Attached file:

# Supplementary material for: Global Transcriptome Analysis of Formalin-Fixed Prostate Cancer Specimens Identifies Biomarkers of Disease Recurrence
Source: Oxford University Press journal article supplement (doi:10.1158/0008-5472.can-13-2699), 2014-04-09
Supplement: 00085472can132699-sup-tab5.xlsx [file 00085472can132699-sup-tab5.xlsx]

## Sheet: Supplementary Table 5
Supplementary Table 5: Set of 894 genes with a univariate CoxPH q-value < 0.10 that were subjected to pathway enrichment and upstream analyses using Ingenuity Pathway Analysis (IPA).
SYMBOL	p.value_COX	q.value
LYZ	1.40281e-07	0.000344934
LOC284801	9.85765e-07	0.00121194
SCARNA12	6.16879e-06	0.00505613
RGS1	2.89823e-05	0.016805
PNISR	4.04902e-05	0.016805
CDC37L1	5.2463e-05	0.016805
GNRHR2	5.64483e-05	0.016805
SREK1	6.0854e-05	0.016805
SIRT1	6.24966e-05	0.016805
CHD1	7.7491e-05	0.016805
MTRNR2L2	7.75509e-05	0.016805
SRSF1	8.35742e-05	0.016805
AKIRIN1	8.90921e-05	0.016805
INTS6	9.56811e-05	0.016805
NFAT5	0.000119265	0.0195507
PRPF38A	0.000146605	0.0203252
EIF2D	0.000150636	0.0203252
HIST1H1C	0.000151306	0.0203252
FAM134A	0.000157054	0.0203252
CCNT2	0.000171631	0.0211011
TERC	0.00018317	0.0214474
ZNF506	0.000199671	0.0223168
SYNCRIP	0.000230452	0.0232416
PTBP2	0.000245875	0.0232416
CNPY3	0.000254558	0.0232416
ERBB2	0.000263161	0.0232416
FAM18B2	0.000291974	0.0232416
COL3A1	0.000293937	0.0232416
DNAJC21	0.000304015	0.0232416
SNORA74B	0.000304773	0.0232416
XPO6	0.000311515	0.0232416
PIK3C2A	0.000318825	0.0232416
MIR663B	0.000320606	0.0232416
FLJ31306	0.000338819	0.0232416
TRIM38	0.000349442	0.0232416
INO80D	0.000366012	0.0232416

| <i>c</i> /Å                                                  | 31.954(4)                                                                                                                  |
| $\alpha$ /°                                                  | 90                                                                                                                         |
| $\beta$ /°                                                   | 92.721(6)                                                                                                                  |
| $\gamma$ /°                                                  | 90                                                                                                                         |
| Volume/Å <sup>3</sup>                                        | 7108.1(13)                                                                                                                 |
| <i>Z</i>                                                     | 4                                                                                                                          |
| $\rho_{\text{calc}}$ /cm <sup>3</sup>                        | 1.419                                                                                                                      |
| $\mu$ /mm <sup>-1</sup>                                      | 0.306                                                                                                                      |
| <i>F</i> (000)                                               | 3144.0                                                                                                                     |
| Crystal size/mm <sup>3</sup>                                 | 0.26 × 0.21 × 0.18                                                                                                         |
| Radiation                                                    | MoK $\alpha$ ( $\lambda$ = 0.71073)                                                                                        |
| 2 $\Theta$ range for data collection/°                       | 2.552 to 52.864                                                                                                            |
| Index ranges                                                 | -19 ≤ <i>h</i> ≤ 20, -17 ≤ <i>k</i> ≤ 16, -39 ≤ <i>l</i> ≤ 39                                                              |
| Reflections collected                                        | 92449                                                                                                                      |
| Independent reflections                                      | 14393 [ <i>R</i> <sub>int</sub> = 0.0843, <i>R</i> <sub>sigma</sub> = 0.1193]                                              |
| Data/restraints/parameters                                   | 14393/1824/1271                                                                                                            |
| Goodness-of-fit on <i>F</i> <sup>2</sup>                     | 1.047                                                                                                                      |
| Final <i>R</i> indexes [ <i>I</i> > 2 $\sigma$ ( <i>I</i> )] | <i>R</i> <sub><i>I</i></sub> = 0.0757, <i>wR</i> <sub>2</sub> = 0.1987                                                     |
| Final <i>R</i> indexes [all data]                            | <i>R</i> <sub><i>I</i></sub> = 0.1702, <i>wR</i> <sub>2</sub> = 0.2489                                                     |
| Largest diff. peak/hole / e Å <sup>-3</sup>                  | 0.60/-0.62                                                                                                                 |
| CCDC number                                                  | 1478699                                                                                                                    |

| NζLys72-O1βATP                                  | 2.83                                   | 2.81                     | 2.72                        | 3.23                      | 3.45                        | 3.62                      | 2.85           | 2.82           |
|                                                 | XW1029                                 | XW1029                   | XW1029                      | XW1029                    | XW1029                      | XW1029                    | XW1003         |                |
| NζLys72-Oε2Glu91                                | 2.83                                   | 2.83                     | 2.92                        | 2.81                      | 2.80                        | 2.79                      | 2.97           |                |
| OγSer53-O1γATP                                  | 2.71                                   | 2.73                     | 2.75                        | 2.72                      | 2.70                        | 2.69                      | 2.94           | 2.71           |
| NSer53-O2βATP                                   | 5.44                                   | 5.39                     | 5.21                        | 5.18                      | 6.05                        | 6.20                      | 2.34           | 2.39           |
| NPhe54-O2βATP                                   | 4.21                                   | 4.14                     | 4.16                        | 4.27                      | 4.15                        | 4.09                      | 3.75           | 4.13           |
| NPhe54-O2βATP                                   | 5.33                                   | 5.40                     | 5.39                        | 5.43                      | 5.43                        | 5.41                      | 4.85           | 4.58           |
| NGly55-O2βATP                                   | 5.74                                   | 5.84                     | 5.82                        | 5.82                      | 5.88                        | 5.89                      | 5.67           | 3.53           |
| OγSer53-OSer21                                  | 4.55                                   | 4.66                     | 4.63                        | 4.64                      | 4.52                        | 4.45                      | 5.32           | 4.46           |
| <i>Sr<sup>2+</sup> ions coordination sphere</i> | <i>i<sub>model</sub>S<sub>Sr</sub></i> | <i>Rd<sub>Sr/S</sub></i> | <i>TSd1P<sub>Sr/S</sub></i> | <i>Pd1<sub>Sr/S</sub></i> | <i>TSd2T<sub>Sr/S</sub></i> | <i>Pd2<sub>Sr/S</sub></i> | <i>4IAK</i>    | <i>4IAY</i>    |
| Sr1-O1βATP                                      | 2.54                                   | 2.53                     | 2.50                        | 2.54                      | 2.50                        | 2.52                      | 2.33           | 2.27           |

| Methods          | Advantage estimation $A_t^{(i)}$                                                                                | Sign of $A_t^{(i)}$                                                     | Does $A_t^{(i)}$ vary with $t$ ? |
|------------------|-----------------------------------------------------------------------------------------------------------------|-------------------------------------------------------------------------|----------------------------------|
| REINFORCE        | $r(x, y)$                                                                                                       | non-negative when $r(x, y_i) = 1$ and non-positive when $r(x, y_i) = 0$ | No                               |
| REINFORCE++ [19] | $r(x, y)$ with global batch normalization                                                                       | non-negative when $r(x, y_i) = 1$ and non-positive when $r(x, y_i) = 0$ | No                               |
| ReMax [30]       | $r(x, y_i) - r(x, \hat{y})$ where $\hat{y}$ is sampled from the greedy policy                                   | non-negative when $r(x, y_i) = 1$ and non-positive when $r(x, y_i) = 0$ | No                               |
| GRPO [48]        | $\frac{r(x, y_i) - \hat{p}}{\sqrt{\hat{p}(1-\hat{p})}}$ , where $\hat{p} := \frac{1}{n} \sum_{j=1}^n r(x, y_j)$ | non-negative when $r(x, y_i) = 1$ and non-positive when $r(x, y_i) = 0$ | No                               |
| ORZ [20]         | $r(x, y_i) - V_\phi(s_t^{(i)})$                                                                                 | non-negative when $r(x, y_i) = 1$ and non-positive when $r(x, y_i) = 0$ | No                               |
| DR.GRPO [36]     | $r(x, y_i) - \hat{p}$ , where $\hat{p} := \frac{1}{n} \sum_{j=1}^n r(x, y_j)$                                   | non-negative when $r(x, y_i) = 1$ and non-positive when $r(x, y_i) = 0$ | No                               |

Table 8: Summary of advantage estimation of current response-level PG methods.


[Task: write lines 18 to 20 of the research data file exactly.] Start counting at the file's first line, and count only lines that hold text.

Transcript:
SRSF1	8.35742e-05	0.016805
AKIRIN1	8.90921e-05	0.016805
INTS6	9.56811e-05	0.016805